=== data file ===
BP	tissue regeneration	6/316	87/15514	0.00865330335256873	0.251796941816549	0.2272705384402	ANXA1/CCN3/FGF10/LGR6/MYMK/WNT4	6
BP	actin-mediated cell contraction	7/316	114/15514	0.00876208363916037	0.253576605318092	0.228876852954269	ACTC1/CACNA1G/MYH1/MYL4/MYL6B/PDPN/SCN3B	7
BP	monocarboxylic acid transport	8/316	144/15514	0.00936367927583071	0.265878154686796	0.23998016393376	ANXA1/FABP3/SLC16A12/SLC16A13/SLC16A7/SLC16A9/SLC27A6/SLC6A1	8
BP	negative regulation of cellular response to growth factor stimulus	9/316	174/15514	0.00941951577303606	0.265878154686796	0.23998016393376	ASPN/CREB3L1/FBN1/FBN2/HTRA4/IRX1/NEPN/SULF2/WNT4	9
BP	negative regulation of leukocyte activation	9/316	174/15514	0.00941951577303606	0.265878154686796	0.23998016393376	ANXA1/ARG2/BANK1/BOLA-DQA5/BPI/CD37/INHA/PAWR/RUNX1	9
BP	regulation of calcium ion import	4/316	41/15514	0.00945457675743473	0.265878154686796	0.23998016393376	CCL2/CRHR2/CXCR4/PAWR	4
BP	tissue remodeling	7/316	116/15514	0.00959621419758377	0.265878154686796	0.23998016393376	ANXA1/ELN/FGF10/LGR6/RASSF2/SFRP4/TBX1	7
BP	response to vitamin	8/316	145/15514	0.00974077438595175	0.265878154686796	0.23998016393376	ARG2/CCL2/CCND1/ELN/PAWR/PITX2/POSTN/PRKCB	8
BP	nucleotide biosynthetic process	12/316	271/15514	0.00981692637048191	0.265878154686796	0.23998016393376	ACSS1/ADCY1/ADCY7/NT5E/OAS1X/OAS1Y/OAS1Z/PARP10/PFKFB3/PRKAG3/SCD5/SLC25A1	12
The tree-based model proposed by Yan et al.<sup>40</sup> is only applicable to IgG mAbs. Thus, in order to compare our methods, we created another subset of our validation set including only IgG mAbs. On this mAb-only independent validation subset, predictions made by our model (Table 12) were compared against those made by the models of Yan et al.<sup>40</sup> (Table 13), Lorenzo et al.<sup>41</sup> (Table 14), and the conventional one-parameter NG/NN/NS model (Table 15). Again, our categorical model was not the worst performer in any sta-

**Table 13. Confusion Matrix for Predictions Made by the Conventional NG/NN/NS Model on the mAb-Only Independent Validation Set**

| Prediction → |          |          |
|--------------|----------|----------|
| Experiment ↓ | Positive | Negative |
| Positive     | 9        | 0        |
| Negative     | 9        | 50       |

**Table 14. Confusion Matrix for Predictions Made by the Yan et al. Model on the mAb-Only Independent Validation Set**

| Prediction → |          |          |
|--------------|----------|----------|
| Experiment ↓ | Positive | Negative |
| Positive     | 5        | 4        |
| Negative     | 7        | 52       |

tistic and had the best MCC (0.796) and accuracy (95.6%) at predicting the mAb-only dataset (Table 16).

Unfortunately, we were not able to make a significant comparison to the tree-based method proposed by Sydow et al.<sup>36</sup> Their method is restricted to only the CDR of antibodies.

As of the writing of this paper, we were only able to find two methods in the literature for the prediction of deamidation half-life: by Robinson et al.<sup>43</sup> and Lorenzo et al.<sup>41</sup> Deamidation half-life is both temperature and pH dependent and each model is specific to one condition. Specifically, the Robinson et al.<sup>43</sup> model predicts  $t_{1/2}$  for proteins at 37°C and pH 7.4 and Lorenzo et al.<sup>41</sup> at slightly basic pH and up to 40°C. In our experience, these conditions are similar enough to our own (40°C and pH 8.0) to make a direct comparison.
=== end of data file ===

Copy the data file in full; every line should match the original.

BP	tissue regeneration	6/316	87/15514	0.00865330335256873	0.251796941816549	0.2272705384402	ANXA1/CCN3/FGF10/LGR6/MYMK/WNT4	6
BP	actin-mediated cell contraction	7/316	114/15514	0.00876208363916037	0.253576605318092	0.228876852954269	ACTC1/CACNA1G/MYH1/MYL4/MYL6B/PDPN/SCN3B	7
BP	monocarboxylic acid transport	8/316	144/15514	0.00936367927583071	0.265878154686796	0.23998016393376	ANXA1/FABP3/SLC16A12/SLC16A13/SLC16A7/SLC16A9/SLC27A6/SLC6A1	8
BP	negative regulation of cellular response to growth factor stimulus	9/316	174/15514	0.00941951577303606	0.265878154686796	0.23998016393376	ASPN/CREB3L1/FBN1/FBN2/HTRA4/IRX1/NEPN/SULF2/WNT4	9
BP	negative regulation of leukocyte activation	9/316	174/15514	0.00941951577303606	0.265878154686796	0.23998016393376	ANXA1/ARG2/BANK1/BOLA-DQA5/BPI/CD37/INHA/PAWR/RUNX1	9
BP	regulation of calcium ion import	4/316	41/15514	0.00945457675743473	0.265878154686796	0.23998016393376	CCL2/CRHR2/CXCR4/PAWR	4
BP	tissue remodeling	7/316	116/15514	0.00959621419758377	0.265878154686796	0.23998016393376	ANXA1/ELN/FGF10/LGR6/RASSF2/SFRP4/TBX1	7
BP	response to vitamin	8/316	145/15514	0.00974077438595175	0.265878154686796	0.23998016393376	ARG2/CCL2/CCND1/ELN/PAWR/PITX2/POSTN/PRKCB	8
BP	nucleotide biosynthetic process	12/316	271/15514	0.00981692637048191	0.265878154686796	0.23998016393376	ACSS1/ADCY1/ADCY7/NT5E/OAS1X/OAS1Y/OAS1Z/PARP10/PFKFB3/PRKAG3/SCD5/SLC25A1	12
The tree-based model proposed by Yan et al.<sup>40</sup> is only applicable to IgG mAbs. Thus, in order to compare our methods, we created another subset of our validation set including only IgG mAbs. On this mAb-only independent validation subset, predictions made by our model (Table 12) were compared against those made by the models of Yan et al.<sup>40</sup> (Table 13), Lorenzo et al.<sup>41</sup> (Table 14), and the conventional one-parameter NG/NN/NS model (Table 15). Again, our categorical model was not the worst performer in any sta-

**Table 13. Confusion Matrix for Predictions Made by the Conventional NG/NN/NS Model on the mAb-Only Independent Validation Set**

| Prediction → |          |          |
|--------------|----------|----------|
| Experiment ↓ | Positive | Negative |
| Positive     | 9        | 0        |
| Negative     | 9        | 50       |

**Table 14. Confusion Matrix for Predictions Made by the Yan et al. Model on the mAb-Only Independent Validation Set**

| Prediction → |          |          |
|--------------|----------|----------|
| Experiment ↓ | Positive | Negative |
| Positive     | 5        | 4        |
| Negative     | 7        | 52       |

tistic and had the best MCC (0.796) and accuracy (95.6%) at predicting the mAb-only dataset (Table 16).

Unfortunately, we were not able to make a significant comparison to the tree-based method proposed by Sydow et al.<sup>36</sup> Their method is restricted to only the CDR of antibodies.

As of the writing of this paper, we were only able to find two methods in the literature for the prediction of deamidation half-life: by Robinson et al.<sup>43</sup> and Lorenzo et al.<sup>41</sup> Deamidation half-life is both temperature and pH dependent and each model is specific to one condition. Specifically, the Robinson et al.<sup>43</sup> model predicts  $t_{1/2}$  for proteins at 37°C and pH 7.4 and Lorenzo et al.<sup>41</sup> at slightly basic pH and up to 40°C. In our experience, these conditions are similar enough to our own (40°C and pH 8.0) to make a direct comparison.